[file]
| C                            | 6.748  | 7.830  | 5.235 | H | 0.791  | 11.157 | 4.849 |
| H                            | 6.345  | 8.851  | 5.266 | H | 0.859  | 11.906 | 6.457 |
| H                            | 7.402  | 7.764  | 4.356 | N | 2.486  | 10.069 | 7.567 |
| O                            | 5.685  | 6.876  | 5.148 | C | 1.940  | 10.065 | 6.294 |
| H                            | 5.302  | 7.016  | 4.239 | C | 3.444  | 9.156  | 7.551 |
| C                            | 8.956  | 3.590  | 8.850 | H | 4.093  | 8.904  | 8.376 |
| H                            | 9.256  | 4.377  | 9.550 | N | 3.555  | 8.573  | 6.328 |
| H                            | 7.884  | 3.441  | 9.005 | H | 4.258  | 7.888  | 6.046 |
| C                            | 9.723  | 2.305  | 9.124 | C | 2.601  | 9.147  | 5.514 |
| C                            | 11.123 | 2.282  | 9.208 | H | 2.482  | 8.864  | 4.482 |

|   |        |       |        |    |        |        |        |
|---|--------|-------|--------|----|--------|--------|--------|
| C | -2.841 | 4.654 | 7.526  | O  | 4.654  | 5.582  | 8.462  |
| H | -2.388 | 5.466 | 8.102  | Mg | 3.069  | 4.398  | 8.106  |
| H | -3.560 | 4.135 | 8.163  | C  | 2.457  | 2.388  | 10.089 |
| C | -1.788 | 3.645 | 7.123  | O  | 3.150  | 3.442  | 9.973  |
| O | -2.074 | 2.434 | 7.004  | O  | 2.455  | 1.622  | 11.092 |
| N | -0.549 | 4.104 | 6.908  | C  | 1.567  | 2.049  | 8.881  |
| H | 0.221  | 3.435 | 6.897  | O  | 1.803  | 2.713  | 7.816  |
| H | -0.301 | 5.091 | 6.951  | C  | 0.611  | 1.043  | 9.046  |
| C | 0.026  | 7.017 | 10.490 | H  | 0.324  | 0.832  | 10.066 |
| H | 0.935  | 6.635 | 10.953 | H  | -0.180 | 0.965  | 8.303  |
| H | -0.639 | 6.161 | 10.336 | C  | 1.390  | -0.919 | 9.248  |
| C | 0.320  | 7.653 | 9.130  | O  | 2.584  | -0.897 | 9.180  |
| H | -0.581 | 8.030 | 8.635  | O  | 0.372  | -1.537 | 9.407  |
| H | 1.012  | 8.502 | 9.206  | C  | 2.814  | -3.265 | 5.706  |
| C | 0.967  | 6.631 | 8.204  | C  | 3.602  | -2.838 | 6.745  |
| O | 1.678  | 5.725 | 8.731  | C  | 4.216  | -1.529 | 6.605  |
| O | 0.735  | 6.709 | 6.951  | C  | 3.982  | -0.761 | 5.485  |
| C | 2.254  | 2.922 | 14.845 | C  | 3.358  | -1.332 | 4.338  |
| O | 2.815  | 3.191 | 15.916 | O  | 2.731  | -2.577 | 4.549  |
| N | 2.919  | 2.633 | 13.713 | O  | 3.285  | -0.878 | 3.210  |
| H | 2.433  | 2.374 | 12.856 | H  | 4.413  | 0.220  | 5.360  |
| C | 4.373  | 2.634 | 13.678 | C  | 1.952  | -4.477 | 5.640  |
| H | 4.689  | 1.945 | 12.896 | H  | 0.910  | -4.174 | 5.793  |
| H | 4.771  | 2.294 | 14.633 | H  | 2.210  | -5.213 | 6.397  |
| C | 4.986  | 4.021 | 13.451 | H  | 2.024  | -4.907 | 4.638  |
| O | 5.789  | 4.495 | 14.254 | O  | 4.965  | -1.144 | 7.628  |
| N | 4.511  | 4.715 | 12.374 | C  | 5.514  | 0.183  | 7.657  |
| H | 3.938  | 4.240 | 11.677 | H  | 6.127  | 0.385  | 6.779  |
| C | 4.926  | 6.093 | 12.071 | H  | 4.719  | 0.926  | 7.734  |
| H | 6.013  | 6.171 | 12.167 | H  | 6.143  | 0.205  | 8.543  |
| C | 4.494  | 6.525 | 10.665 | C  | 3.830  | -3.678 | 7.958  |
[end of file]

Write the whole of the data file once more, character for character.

| C                            | 6.748  | 7.830  | 5.235 | H | 0.791  | 11.157 | 4.849 |
| H                            | 6.345  | 8.851  | 5.266 | H | 0.859  | 11.906 | 6.457 |
| H                            | 7.402  | 7.764  | 4.356 | N | 2.486  | 10.069 | 7.567 |
| O                            | 5.685  | 6.876  | 5.148 | C | 1.940  | 10.065 | 6.294 |
| H                            | 5.302  | 7.016  | 4.239 | C | 3.444  | 9.156  | 7.551 |
| C                            | 8.956  | 3.590  | 8.850 | H | 4.093  | 8.904  | 8.376 |
| H                            | 9.256  | 4.377  | 9.550 | N | 3.555  | 8.573  | 6.328 |
| H                            | 7.884  | 3.441  | 9.005 | H | 4.258  | 7.888  | 6.046 |
| C                            | 9.723  | 2.305  | 9.124 | C | 2.601  | 9.147  | 5.514 |
| C                            | 11.123 | 2.282  | 9.208 | H | 2.482  | 8.864  | 4.482 |

|   |        |       |        |    |        |        |        |
|---|--------|-------|--------|----|--------|--------|--------|
| C | -2.841 | 4.654 | 7.526  | O  | 4.654  | 5.582  | 8.462  |
| H | -2.388 | 5.466 | 8.102  | Mg | 3.069  | 4.398  | 8.106  |
| H | -3.560 | 4.135 | 8.163  | C  | 2.457  | 2.388  | 10.089 |
| C | -1.788 | 3.645 | 7.123  | O  | 3.150  | 3.442  | 9.973  |
| O | -2.074 | 2.434 | 7.004  | O  | 2.455  | 1.622  | 11.092 |
| N | -0.549 | 4.104 | 6.908  | C  | 1.567  | 2.049  | 8.881  |
| H | 0.221  | 3.435 | 6.897  | O  | 1.803  | 2.713  | 7.816  |
| H | -0.301 | 5.091 | 6.951  | C  | 0.611  | 1.043  | 9.046  |
| C | 0.026  | 7.017 | 10.490 | H  | 0.324  | 0.832  | 10.066 |
| H | 0.935  | 6.635 | 10.953 | H  | -0.180 | 0.965  | 8.303  |
| H | -0.639 | 6.161 | 10.336 | C  | 1.390  | -0.919 | 9.248  |
| C | 0.320  | 7.653 | 9.130  | O  | 2.584  | -0.897 | 9.180  |
| H | -0.581 | 8.030 | 8.635  | O  | 0.372  | -1.537 | 9.407  |
| H | 1.012  | 8.502 | 9.206  | C  | 2.814  | -3.265 | 5.706  |
| C | 0.967  | 6.631 | 8.204  | C  | 3.602  | -2.838 | 6.745  |
| O | 1.678  | 5.725 | 8.731  | C  | 4.216  | -1.529 | 6.605  |
| O | 0.735  | 6.709 | 6.951  | C  | 3.982  | -0.761 | 5.485  |
| C | 2.254  | 2.922 | 14.845 | C  | 3.358  | -1.332 | 4.338  |
| O | 2.815  | 3.191 | 15.916 | O  | 2.731  | -2.577 | 4.549  |
| N | 2.919  | 2.633 | 13.713 | O  | 3.285  | -0.878 | 3.210  |
| H | 2.433  | 2.374 | 12.856 | H  | 4.413  | 0.220  | 5.360  |
| C | 4.373  | 2.634 | 13.678 | C  | 1.952  | -4.477 | 5.640  |
| H | 4.689  | 1.945 | 12.896 | H  | 0.910  | -4.174 | 5.793  |
| H | 4.771  | 2.294 | 14.633 | H  | 2.210  | -5.213 | 6.397  |
| C | 4.986  | 4.021 | 13.451 | H  | 2.024  | -4.907 | 4.638  |
| O | 5.789  | 4.495 | 14.254 | O  | 4.965  | -1.144 | 7.628  |
| N | 4.511  | 4.715 | 12.374 | C  | 5.514  | 0.183  | 7.657  |
| H | 3.938  | 4.240 | 11.677 | H  | 6.127  | 0.385  | 6.779  |
| C | 4.926  | 6.093 | 12.071 | H  | 4.719  | 0.926  | 7.734  |
| H | 6.013  | 6.171 | 12.167 | H  | 6.143  | 0.205  | 8.543  |
| C | 4.494  | 6.525 | 10.665 | C  | 3.830  | -3.678 | 7.958  |